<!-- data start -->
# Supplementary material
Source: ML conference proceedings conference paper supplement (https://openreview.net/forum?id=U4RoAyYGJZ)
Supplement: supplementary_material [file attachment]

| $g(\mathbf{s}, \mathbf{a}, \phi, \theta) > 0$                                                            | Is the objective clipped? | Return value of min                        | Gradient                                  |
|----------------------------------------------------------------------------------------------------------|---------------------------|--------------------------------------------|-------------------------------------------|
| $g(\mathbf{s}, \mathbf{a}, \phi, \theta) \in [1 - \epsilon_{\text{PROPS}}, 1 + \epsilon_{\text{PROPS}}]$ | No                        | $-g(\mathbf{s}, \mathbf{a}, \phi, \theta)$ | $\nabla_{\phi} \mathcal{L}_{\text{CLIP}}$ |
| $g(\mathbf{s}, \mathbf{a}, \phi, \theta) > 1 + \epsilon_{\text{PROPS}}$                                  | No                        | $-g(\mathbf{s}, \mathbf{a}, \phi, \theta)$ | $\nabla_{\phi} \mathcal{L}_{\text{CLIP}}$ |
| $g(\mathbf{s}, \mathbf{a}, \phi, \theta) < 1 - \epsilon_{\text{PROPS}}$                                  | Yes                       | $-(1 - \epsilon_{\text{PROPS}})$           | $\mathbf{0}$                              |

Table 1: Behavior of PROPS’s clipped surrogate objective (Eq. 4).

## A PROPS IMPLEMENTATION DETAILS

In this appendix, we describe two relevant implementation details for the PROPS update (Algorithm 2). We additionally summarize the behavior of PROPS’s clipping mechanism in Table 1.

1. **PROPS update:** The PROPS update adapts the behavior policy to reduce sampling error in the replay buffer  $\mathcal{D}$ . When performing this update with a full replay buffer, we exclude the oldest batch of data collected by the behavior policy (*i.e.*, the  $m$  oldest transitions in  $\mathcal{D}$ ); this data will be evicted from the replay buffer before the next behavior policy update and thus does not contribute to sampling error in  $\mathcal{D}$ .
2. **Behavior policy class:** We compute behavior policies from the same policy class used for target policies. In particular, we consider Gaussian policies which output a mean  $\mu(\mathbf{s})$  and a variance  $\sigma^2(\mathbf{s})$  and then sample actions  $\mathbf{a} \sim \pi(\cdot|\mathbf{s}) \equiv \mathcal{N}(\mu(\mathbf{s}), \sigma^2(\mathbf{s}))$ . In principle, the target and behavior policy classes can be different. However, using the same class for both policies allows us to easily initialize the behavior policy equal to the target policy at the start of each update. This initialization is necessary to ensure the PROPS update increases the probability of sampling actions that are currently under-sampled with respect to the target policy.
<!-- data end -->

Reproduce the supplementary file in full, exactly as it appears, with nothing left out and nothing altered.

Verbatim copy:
# Supplementary material
Source: ML conference proceedings conference paper supplement (https://openreview.net/forum?id=U4RoAyYGJZ)
Supplement: supplementary_material [file attachment]

| $g(\mathbf{s}, \mathbf{a}, \phi, \theta) > 0$                                                            | Is the objective clipped? | Return value of min                        | Gradient                                  |
|----------------------------------------------------------------------------------------------------------|---------------------------|--------------------------------------------|-------------------------------------------|
| $g(\mathbf{s}, \mathbf{a}, \phi, \theta) \in [1 - \epsilon_{\text{PROPS}}, 1 + \epsilon_{\text{PROPS}}]$ | No                        | $-g(\mathbf{s}, \mathbf{a}, \phi, \theta)$ | $\nabla_{\phi} \mathcal{L}_{\text{CLIP}}$ |
| $g(\mathbf{s}, \mathbf{a}, \phi, \theta) > 1 + \epsilon_{\text{PROPS}}$                                  | No                        | $-g(\mathbf{s}, \mathbf{a}, \phi, \theta)$ | $\nabla_{\phi} \mathcal{L}_{\text{CLIP}}$ |
| $g(\mathbf{s}, \mathbf{a}, \phi, \theta) < 1 - \epsilon_{\text{PROPS}}$                                  | Yes                       | $-(1 - \epsilon_{\text{PROPS}})$           | $\mathbf{0}$                              |

Table 1: Behavior of PROPS’s clipped surrogate objective (Eq. 4).

## A PROPS IMPLEMENTATION DETAILS

In this appendix, we describe two relevant implementation details for the PROPS update (Algorithm 2). We additionally summarize the behavior of PROPS’s clipping mechanism in Table 1.

1. **PROPS update:** The PROPS update adapts the behavior policy to reduce sampling error in the replay buffer  $\mathcal{D}$ . When performing this update with a full replay buffer, we exclude the oldest batch of data collected by the behavior policy (*i.e.*, the  $m$  oldest transitions in  $\mathcal{D}$ ); this data will be evicted from the replay buffer before the next behavior policy update and thus does not contribute to sampling error in  $\mathcal{D}$ .
2. **Behavior policy class:** We compute behavior policies from the same policy class used for target policies. In particular, we consider Gaussian policies which output a mean  $\mu(\mathbf{s})$  and a variance  $\sigma^2(\mathbf{s})$  and then sample actions  $\mathbf{a} \sim \pi(\cdot|\mathbf{s}) \equiv \mathcal{N}(\mu(\mathbf{s}), \sigma^2(\mathbf{s}))$ . In principle, the target and behavior policy classes can be different. However, using the same class for both policies allows us to easily initialize the behavior policy equal to the target policy at the start of each update. This initialization is necessary to ensure the PROPS update increases the probability of sampling actions that are currently under-sampled with respect to the target policy.